Let me end with this.  I am prepared to protect a student from a gunman by taking a bullet.  I am prepared to die so a child won’t.  But folks, this isn’t actually my job.  My job is to educate, support, mentor and encourage.  We need to ask ourselves as a nation, is this the America we want — a nation where our children are afraid of being at school?  We owe it to our children (and to our teachers) to do better than this.  

“Teachers are the guardians of spaces that allow students to 

breathe and be curious and explore the world and be who they are without suffocation.”  

Brene Brown

Here are two organizations that work to end gun violence in schools (as well as in homes and communities) if you’re interested in getting involved.

https://www.sandyhookpromise.org/

http://protectourschools.com/ 


And here is the link to an article about the Olathe East shooting. https://www.cnn.com/2022/03/04/us/olathe-east-high-school-kansas-shooting/index.html

Fork the Nonbelievers:  Some 1st Quarter Reflections from an Already Tired Teacher

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To my Fellow Educators, 

I am coming off of a tough week at work.  I am tired and struggling, as many of you are.  As the end of our first quarter approaches, I am realizing that the second full year of teaching during a pandemic will be no easier on us as educators.  Last year we were so glad to be back in person with our students that we happily pushed through a lot of hard things.  But the hard things seem to keep piling up on us.  I don’t care if you’re a homeroom teacher, a specialist like myself, a paraprofessional or a custodian, your job right now is tough — harder than in any “normal” teaching year.  Covid protocol has changed many aspects of our jobs and has added additional challenges.  

On top of the new challenges, Covid has alienated us as teachers and co-workers.  We don’t see each other at lunch or after school, thus we don’t get to share our stories and struggles. Because we don’t communicate like in the past, we forget to empathize with one another.  We forget that each role within a school may look a bit different, but each role has its unique benefits and challenges.  I feel strongly that by working together and supporting each other, we can create a positive learning environment for ourselves and our students.  You see, quite often we teachers learn as much as our students throughout the year.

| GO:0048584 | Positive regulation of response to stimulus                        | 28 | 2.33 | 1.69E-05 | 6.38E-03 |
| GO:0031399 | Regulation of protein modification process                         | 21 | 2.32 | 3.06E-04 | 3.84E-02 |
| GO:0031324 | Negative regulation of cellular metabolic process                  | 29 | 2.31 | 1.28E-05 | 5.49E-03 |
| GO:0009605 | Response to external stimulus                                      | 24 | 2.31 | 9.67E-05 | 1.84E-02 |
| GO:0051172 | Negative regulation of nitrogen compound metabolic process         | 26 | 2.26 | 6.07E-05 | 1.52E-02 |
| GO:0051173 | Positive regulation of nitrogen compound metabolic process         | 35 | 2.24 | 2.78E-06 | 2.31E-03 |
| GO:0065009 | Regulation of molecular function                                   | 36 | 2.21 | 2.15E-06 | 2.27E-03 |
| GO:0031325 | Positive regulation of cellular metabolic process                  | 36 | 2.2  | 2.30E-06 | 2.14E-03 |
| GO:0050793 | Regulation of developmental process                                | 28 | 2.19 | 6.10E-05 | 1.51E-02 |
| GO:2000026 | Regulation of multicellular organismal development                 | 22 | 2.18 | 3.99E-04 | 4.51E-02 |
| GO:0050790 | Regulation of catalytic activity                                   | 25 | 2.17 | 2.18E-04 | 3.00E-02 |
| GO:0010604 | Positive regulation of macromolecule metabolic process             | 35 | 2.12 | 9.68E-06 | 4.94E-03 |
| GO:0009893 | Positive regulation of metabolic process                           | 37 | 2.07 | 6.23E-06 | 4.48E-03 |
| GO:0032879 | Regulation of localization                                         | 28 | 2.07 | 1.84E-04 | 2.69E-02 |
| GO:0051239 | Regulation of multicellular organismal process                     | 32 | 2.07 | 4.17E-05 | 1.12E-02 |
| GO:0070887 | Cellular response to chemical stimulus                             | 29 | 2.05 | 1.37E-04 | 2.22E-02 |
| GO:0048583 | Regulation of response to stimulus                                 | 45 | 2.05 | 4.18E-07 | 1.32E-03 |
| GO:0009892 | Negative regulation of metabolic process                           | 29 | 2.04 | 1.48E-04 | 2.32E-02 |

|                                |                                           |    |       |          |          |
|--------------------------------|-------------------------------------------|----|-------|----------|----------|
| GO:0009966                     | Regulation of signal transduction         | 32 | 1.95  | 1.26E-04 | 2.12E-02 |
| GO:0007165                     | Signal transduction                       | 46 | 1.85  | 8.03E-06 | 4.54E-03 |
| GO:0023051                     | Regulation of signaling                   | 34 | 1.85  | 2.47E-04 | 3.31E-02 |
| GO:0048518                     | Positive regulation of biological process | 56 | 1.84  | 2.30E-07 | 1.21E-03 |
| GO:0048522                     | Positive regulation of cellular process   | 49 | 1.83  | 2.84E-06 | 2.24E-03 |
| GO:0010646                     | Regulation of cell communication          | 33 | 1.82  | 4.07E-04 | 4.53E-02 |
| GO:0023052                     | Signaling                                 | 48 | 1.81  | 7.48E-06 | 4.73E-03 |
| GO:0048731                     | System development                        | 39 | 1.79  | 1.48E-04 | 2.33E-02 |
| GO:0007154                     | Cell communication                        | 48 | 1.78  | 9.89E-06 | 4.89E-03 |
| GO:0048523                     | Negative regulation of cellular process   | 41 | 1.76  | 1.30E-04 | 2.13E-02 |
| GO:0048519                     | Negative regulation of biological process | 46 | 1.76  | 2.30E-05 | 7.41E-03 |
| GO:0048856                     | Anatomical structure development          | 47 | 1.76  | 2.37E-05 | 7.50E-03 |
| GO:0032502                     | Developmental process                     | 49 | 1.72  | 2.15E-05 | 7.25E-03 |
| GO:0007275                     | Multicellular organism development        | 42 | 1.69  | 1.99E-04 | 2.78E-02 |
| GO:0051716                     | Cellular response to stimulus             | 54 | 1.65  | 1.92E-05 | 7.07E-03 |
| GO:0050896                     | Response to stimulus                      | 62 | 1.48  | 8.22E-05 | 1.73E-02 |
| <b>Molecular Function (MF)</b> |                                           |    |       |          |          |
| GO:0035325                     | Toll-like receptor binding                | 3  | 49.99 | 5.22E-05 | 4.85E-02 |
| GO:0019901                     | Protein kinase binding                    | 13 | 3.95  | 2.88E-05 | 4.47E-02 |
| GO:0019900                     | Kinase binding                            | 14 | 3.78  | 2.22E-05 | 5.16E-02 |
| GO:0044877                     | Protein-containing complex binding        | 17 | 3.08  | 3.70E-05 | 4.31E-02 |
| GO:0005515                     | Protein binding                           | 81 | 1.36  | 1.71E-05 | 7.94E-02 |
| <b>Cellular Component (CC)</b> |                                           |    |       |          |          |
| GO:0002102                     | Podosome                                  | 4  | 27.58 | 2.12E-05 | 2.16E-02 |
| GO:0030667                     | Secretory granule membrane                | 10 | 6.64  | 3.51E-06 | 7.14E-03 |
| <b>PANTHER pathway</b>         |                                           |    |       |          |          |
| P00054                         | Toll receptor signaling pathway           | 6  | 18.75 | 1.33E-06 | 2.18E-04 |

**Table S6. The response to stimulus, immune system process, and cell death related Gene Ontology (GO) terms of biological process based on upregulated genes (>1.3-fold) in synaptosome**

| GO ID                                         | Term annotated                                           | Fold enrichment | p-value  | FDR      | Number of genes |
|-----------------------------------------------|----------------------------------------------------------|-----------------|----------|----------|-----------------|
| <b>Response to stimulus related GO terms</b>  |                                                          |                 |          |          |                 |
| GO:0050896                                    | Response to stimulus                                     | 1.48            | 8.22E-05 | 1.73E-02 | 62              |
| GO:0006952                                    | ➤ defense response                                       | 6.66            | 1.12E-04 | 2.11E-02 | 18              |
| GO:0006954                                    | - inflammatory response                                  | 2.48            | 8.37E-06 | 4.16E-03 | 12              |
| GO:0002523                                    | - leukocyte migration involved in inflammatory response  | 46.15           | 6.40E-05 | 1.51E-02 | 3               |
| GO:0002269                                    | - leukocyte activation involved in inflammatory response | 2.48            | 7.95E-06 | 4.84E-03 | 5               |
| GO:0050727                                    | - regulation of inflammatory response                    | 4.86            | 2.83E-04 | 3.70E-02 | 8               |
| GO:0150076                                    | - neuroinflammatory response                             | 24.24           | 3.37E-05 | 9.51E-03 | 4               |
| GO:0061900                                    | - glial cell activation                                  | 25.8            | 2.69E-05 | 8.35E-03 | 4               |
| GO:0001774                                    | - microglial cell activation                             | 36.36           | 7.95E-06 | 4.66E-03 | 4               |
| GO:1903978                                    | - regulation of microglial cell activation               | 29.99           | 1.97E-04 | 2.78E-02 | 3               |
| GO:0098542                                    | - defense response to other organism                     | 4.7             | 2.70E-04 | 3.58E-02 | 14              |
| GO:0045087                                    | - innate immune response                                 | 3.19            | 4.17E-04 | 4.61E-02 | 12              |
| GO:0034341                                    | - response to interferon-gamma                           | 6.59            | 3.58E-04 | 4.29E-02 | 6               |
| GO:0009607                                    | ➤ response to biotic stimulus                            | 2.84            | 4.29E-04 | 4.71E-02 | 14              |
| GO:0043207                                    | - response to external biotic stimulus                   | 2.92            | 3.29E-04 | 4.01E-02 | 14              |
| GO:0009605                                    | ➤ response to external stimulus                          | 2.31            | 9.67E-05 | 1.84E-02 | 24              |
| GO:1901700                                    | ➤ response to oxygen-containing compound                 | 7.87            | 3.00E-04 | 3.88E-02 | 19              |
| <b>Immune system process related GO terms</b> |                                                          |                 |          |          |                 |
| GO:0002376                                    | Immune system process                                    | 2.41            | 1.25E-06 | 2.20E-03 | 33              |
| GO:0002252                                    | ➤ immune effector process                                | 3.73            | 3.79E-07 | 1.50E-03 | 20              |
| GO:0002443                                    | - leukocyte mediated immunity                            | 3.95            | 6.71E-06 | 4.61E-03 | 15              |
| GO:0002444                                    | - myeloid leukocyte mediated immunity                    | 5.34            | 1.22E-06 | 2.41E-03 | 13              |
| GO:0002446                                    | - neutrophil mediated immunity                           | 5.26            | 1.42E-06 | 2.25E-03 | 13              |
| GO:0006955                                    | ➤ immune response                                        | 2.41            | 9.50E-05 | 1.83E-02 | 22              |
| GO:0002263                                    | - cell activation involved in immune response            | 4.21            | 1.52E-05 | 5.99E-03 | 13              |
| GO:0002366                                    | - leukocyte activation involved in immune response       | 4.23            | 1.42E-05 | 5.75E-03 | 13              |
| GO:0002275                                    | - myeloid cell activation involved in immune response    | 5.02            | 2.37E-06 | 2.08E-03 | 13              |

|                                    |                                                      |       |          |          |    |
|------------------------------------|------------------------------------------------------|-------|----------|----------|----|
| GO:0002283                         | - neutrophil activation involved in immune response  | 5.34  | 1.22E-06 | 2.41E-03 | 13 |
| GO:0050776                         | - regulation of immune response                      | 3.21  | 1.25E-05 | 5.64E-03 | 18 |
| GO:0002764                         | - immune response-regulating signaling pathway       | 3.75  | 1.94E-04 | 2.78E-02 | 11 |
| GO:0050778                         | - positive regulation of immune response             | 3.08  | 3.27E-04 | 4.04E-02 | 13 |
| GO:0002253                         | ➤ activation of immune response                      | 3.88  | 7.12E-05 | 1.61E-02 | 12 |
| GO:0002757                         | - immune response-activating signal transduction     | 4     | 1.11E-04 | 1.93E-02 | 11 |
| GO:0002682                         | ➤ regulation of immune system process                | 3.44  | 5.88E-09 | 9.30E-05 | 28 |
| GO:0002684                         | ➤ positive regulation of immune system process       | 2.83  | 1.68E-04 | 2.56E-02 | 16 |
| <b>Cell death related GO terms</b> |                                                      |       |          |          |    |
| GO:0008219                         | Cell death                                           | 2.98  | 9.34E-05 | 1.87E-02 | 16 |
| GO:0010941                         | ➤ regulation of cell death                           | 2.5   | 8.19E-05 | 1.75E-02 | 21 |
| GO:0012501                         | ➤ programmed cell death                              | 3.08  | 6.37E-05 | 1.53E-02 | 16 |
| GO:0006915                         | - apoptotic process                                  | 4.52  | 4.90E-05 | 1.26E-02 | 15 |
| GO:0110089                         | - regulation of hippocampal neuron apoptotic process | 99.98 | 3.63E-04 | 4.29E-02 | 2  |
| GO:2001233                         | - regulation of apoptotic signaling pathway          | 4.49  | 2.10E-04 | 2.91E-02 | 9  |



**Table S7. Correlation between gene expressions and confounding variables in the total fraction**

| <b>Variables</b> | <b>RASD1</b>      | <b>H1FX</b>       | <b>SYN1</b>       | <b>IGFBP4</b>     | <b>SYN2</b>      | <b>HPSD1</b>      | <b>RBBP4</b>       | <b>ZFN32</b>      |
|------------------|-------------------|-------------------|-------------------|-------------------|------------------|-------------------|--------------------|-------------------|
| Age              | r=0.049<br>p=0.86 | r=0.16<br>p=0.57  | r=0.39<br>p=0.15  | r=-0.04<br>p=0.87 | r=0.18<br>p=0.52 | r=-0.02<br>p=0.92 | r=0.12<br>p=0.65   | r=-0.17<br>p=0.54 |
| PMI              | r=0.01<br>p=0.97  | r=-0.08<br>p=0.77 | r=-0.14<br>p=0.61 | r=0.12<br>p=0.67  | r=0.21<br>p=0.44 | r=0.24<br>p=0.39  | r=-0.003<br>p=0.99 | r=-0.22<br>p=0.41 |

While dealing with my own personal struggles, I’ve been thinking about the kind of teacher/person I want to be.  I’m not perfect.  For instance, just today I snapped at a class over something that wasn’t their fault, and I’ve been beating myself up about it all afternoon.  Still, I want to be a teacher who goes to work with my head held high, a teacher who tries a little harder next time, a teacher who my students and co-workers respect because I try to maintain my authenticity and my integrity.  I’ll tell you all the truth — teaching is not easy right now.  And yet, teaching is literally all I’ve ever wanted to do.  I knew back in 4th grade, sitting in Mrs. Cruit’s classroom, that I wanted to be a teacher. I am doing EXACTLY what I’d hoped to be doing when I was a kid.  I don’t want to take this for granted.  

So here’s my plan.  Instead of sitting around and listing for you all of the hard things about my job and yours, I’m going to tell you my WHY — my beliefs about teaching.  Then I’m going to print this out and post it in my office.  I’m going to look at my list every day, and I’m going to bust my ass trying to be the kind of teacher that I hoped I could be.  I’m going to take a piece of advice from my father:  Fork the nonbelievers.  (Note:  Language slightly altered to be less offensive.  I am a teacher, after all!)  I think this is what my Dad means by this phrase.  Don’t worry about other people — what they’re doing or what they think of you.  Keep on doing your best and you’ll be all right.  That is what I intend to do.

So here are my beliefs.  I encourage you to sit down and write out yours as well.  I think that in remembering why we became teachers in the first place, we can re-motivate and re-inspire ourselves.

What I Believe about Teaching

2021-2022

  • I believe that my job as a  teacher is important.    What I do has the potential to positively impact lives both in the present and in the future.